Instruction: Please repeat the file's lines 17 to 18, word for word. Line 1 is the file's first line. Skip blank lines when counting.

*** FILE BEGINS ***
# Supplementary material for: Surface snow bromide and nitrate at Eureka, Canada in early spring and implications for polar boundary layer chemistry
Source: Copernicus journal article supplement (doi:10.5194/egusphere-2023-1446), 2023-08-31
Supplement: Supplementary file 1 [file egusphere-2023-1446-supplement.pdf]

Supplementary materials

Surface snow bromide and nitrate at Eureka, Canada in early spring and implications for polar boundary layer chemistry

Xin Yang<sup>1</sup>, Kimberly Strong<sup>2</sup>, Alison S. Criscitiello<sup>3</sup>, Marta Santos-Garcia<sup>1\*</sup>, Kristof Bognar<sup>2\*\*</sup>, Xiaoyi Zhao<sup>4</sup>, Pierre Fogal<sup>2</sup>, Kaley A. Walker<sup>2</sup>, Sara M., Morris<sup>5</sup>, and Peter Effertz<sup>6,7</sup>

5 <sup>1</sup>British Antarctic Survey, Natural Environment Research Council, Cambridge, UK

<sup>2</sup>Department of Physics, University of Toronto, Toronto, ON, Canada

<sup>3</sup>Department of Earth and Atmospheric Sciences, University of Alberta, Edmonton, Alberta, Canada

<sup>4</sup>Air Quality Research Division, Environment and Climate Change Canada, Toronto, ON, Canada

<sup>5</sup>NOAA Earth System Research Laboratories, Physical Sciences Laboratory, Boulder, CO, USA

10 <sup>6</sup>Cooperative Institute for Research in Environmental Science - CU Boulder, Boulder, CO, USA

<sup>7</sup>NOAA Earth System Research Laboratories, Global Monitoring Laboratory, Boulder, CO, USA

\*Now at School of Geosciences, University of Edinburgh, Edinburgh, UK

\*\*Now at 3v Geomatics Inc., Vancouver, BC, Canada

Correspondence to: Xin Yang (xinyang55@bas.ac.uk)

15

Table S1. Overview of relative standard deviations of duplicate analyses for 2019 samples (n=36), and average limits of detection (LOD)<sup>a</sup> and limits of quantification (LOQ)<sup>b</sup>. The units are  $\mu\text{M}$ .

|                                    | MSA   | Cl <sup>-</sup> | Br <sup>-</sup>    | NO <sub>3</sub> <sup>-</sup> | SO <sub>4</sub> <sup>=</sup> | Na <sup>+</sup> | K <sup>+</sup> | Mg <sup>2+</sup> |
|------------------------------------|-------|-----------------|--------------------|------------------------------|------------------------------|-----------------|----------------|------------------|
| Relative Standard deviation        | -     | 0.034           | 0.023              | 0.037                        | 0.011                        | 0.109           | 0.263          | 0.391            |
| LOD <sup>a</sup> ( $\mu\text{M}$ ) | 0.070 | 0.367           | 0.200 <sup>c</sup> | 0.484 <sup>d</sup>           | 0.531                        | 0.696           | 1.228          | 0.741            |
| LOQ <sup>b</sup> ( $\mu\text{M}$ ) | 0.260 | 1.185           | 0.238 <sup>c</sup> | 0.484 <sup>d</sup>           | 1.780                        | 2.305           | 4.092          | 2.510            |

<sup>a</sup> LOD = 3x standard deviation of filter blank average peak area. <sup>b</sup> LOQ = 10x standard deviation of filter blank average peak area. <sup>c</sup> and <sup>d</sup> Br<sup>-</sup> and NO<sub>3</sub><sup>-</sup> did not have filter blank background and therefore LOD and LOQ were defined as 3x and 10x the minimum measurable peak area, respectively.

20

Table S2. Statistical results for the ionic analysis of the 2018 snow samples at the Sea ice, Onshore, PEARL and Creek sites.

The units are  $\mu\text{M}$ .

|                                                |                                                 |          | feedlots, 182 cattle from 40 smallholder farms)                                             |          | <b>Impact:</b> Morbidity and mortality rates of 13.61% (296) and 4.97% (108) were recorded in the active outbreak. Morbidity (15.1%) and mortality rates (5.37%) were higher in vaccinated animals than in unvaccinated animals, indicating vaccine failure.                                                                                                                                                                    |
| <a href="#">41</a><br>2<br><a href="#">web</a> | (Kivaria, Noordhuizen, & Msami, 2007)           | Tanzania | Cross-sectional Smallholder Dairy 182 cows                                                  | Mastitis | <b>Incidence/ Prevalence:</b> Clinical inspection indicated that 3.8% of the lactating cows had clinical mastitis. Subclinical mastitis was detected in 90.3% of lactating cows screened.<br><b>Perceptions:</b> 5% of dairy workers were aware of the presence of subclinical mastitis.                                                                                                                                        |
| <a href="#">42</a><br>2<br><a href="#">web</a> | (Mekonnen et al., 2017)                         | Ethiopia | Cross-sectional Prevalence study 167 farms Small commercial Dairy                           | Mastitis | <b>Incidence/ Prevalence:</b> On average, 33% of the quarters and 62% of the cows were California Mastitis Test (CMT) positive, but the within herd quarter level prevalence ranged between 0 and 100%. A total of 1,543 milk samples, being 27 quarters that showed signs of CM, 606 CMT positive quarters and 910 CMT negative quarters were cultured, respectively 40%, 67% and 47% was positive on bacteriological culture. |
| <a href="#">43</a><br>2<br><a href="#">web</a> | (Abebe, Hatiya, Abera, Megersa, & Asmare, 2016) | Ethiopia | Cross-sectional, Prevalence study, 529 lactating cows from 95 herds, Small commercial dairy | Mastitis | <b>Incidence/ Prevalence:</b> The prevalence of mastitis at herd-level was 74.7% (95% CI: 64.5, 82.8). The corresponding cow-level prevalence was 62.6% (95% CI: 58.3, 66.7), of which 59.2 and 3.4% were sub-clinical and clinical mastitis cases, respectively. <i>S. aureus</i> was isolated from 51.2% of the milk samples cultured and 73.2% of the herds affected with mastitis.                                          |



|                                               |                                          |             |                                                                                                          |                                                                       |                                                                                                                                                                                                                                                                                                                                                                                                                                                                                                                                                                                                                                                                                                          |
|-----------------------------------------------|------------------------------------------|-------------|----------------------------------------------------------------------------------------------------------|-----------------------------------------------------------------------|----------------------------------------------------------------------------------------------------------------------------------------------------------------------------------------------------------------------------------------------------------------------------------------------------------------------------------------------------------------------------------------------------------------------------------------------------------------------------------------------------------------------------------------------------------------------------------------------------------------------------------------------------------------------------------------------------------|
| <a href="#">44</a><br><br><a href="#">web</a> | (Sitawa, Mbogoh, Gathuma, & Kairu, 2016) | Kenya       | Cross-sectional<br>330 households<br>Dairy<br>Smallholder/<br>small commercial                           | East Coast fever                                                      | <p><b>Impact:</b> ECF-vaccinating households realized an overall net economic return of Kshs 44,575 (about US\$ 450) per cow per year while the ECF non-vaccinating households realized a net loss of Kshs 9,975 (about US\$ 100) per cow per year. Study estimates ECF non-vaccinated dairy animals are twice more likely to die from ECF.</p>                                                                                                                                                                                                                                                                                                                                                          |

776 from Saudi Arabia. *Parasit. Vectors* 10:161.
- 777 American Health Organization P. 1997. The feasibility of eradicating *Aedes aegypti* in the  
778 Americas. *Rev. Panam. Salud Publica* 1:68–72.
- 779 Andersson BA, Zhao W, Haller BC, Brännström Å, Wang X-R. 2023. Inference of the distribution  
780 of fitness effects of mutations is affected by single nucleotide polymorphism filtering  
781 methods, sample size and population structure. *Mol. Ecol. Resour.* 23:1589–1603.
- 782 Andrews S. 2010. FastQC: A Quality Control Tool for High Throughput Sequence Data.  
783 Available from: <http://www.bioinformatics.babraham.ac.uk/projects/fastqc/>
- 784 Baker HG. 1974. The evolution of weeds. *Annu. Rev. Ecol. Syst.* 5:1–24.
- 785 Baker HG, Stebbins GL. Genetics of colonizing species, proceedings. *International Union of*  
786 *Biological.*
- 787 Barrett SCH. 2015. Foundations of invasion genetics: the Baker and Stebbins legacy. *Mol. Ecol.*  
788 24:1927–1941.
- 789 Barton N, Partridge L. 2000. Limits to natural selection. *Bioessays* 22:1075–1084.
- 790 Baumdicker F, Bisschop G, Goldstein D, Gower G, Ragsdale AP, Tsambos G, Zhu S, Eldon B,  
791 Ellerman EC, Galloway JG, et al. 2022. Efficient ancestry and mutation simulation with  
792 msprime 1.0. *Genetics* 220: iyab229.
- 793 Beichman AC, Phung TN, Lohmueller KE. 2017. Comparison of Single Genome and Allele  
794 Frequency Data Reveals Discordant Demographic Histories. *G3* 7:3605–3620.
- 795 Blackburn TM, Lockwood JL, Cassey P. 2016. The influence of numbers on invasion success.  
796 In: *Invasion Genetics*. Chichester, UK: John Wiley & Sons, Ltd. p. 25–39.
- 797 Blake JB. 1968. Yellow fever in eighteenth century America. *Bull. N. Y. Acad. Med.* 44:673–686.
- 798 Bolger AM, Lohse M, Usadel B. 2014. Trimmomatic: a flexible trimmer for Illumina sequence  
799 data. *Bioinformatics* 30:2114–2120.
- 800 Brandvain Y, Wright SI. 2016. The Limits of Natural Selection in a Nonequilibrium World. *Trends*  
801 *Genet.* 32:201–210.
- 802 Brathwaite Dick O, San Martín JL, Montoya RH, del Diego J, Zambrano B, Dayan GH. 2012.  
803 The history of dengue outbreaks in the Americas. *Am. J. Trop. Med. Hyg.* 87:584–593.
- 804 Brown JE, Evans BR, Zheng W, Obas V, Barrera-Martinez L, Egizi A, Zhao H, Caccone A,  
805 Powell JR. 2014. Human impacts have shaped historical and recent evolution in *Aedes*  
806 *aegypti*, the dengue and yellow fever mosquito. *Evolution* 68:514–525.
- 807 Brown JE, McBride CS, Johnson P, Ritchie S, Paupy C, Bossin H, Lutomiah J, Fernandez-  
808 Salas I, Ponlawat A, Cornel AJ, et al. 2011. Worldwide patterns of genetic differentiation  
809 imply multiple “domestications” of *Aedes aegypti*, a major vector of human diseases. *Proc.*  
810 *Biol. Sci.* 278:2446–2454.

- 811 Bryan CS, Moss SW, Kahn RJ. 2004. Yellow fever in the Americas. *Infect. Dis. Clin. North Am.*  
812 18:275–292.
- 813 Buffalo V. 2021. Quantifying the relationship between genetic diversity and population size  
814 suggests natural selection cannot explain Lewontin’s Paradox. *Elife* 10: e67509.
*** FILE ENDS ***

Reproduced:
15

Table S1. Overview of relative standard deviations of duplicate analyses for 2019 samples (n=36), and average limits of detection (LOD)<sup>a</sup> and limits of quantification (LOQ)<sup>b</sup>. The units are  $\mu\text{M}$ .